Perioperative Nursing Australia

CSSD Revolution: the Impact of complex instruments on resources

[fa icon="calendar"] 10-Aug-2016 09:30:00 / by Michael Stanton

Changing_face_of_CSSD.jpg

The advances in surgical procedures and surgical instrumentation, over the past 10-20 years has been astounding. Once upon a time, just about every surgical procedure was open surgery and involved simple pivot based stainless steel instruments. These days, surgical instruments are highly complex hybrid material devices.

This has led to a quiet revolution in sterilizing departments around the world. Instruments were once simple and tray assembly straightforward.

Nowadays many instruments are highly complex and require very specialist attention in terms of handling, inspection, cleaning, testing, packing and sterilizing.

Increased processing times are a consequence of this increase instrument complexity and resources and throughput are negatively impacted as a result.

The Changing Face of CSSD

Many years ago, in my role as a surgical instrument maker, we witnessed the introduction of laparoscopic instrumentation and key hole surgery. Soon after, there were reports of patients being burned and electrocuted. The cause of this, it was later found, was that the insulating material on the instruments was breaking down in the sterilizing process. Nobody had foreseen that this would occur of course.

Before long CSSD technicians without relevant qualifications in the use of high voltage testing equipment were examing the integrity of the insulation. They did this by running a wire brush charged with high voltage (high enough to kill them) along the length of a laparoscopic sheath.

Fortunately, HIPOT (High Potential) testing equipment has come a long way and is now quite safe.

This illustrates the point that a new time-consuming process requiring specialist skills has been added to the existing process. Frequently, the impact this has on CSD resources is underestimated.

There has also been remarkable growth and change in orthopaedic surgery which is reflected in the mix of instrumentation that central sterlising department's process. For example, we have seen the proliferation of large heavy instrument sets, provided on consignment, that require CSSD staff to operate mechanical lifts to receive them from and return them to suppliers. Many of the instruments have sophisticated sub-assemblies requiring dis-assembly and re-assembly.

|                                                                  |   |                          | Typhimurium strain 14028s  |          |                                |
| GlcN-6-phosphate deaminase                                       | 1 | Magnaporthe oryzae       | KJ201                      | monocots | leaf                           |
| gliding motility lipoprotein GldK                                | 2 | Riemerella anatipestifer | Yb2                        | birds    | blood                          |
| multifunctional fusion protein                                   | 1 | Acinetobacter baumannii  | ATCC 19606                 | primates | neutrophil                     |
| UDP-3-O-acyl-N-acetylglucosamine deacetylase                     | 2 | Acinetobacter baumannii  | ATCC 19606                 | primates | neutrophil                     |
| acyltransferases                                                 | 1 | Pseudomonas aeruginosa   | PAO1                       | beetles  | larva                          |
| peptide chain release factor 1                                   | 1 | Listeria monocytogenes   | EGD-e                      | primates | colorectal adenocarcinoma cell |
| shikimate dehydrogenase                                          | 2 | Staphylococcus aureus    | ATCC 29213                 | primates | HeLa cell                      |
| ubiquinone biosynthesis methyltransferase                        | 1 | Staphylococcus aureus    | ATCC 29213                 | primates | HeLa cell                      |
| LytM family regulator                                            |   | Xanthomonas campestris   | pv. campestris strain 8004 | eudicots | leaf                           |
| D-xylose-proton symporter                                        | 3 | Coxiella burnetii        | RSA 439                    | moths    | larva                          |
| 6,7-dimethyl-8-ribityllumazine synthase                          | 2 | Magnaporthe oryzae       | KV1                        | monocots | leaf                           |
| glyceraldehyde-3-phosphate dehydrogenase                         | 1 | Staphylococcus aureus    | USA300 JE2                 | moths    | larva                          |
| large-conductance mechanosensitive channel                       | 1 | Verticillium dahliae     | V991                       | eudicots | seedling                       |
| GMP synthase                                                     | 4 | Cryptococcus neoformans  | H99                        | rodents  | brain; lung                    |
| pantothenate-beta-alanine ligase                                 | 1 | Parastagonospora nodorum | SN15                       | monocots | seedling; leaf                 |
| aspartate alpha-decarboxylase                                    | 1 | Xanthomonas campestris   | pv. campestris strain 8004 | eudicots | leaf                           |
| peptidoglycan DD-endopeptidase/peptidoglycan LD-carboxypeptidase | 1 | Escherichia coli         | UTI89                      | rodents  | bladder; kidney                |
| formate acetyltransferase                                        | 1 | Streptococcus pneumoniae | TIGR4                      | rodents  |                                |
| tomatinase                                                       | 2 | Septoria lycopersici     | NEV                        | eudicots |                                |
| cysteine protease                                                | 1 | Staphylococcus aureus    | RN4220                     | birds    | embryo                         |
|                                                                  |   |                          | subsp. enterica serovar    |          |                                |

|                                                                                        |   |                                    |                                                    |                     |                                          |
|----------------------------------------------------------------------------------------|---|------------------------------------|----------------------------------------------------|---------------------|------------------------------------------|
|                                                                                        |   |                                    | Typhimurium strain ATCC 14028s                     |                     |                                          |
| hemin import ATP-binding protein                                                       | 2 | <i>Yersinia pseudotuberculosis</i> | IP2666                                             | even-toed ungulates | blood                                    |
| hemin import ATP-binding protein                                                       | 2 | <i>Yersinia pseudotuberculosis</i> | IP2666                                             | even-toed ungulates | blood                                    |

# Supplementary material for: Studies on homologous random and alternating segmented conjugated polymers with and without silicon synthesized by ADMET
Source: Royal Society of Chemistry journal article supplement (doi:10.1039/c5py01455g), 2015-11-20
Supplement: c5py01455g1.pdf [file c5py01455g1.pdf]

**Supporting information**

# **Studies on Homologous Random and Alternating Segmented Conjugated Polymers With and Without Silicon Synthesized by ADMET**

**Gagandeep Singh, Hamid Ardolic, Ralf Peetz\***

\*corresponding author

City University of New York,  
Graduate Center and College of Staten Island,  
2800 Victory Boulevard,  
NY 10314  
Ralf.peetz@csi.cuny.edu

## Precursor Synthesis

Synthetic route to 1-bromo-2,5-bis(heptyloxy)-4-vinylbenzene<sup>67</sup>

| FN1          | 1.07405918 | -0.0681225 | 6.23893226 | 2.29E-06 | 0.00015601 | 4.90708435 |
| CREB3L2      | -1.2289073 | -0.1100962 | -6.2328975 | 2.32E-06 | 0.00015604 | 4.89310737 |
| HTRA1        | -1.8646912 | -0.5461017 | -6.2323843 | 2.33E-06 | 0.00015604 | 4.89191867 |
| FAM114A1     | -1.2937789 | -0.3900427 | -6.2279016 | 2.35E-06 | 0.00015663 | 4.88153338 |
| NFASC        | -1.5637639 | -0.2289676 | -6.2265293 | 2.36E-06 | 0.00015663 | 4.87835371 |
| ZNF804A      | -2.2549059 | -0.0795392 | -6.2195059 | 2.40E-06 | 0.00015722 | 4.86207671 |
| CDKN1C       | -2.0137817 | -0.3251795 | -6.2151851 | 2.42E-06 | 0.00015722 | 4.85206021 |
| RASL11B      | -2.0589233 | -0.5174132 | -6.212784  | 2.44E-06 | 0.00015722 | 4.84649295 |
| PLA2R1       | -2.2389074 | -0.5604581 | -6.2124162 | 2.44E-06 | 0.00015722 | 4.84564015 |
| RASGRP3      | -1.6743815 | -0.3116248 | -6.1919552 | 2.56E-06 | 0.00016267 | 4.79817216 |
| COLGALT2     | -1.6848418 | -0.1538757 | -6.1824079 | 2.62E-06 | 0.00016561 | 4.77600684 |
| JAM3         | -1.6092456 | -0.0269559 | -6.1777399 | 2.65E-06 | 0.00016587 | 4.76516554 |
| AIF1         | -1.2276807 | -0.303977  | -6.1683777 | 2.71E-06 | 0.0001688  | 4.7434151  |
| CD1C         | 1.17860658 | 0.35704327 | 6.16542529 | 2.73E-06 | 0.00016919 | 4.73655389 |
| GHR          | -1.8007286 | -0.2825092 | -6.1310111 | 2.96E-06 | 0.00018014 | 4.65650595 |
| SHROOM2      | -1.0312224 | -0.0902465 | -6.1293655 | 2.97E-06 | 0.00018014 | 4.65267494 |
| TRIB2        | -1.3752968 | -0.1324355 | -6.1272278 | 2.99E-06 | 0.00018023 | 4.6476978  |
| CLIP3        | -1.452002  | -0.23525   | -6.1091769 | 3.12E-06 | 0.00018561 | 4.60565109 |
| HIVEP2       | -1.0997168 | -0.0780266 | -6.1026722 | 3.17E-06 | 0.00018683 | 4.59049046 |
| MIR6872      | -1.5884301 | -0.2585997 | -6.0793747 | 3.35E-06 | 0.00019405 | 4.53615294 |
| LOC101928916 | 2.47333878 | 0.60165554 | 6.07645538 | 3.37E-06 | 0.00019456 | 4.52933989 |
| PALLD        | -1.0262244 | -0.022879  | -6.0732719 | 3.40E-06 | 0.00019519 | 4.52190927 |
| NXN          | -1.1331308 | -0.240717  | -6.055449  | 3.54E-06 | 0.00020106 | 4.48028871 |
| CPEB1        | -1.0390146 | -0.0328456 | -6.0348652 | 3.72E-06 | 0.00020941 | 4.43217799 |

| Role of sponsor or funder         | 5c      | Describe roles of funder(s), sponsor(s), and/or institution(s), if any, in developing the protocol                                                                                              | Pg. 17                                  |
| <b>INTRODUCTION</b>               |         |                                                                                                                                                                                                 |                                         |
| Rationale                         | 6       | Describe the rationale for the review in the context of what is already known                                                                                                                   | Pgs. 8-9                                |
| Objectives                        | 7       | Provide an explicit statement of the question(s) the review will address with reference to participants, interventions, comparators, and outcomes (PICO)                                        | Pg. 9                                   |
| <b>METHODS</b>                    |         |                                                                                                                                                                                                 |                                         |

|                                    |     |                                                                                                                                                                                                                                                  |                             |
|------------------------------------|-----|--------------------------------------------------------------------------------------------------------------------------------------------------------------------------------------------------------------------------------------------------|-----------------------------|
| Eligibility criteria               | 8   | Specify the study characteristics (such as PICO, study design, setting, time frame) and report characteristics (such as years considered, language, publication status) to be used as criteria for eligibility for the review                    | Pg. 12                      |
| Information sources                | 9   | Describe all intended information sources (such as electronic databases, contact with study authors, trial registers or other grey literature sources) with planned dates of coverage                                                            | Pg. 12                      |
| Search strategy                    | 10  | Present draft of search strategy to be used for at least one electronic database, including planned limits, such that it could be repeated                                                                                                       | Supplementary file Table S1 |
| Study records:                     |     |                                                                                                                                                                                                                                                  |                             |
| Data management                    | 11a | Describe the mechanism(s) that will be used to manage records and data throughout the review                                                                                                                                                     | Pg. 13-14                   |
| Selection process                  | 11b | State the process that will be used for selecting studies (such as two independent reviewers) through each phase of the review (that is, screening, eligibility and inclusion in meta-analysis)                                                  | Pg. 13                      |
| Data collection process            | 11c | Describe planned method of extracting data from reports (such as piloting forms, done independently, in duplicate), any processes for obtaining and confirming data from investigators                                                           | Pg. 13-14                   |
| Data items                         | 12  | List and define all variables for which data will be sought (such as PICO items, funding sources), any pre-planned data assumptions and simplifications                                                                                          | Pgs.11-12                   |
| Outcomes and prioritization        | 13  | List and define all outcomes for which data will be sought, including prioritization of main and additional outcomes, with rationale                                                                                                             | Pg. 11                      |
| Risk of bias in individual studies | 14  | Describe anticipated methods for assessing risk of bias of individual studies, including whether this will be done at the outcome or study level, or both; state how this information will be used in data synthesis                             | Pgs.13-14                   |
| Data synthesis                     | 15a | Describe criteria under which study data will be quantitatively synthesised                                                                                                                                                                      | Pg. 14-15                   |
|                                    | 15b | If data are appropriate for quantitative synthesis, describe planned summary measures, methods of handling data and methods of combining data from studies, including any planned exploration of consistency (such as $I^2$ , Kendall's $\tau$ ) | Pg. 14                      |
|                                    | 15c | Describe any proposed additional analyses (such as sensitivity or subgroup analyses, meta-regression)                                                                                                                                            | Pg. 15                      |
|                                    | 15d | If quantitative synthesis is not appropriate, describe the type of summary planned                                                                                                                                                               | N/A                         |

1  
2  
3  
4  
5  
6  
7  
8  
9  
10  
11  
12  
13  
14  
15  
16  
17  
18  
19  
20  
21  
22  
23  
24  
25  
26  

Changing Resource Demands

I remember a CSD manager telling that he had requested an extra resource to help him meet the demand for output. 

After management analysed the throughput, it was discovered that the overall quantity of items processed per staff hour had steadily declined over the years. This led them to conclude that the department was actually over-resourced and they recommended to decrease staff hours to compensate and save money.

Unfortunately the changing mix of instrumentation being processed had not been taking into consideration. Fewer general surgical procedures and more specialist surgical procedures equates to a reduction in simple instrumentation and an increased use of complex instrumentation.

Processing complexity

So how can managers demonstrate that, while overall output per staff hours is declining, demand on resources is increasing?

Our CSSD manager needed a way to prove to management that although CSSD output per staff hour had declined, it was actually taking longer to process the instruments due to design complexity and specific processing needs which caused the decline in output.

Demonstrating processing complexity was one way to achieve it. To do this we adopted a complexity scale of 1-10 and assigned a rating to each instrument. For example, you might rate stainless steel forceps with a rating of 1 and an orthopaedic instrument set with a rating of 10.

If you have an instrument tracking system, you should be able to generate this report in a few clicks. Even if you don't have such a system, you can still set it up manually in a Excel Spreadsheet.

If this sounds like an awful lot of work on top of your already busy workload, remember that backing up your resource request with data means you're increasing your chances of  getting your request approved. 

If you go the Excel spreadsheet route, you start by creating 4 columns as follows:

  • Instrument Name
  • Processing Complexity
  • Quantity
  • Complexity

The table below is a mock-up showing how quantity of item processed has decreased, but the overall complexity of the instruments processed has increased.

CSSD and the impact of increasing complexity surgical instruments 

 

The challenge is to represent it in a way that your management can digest. The table above is a mock up and the data in it is entirely fictional. However it does clearly demonstrate the effect of changing instrument technology on resources. 

 

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Topics: Surgical Instruments, cssd

Michael Stanton

Written by Michael Stanton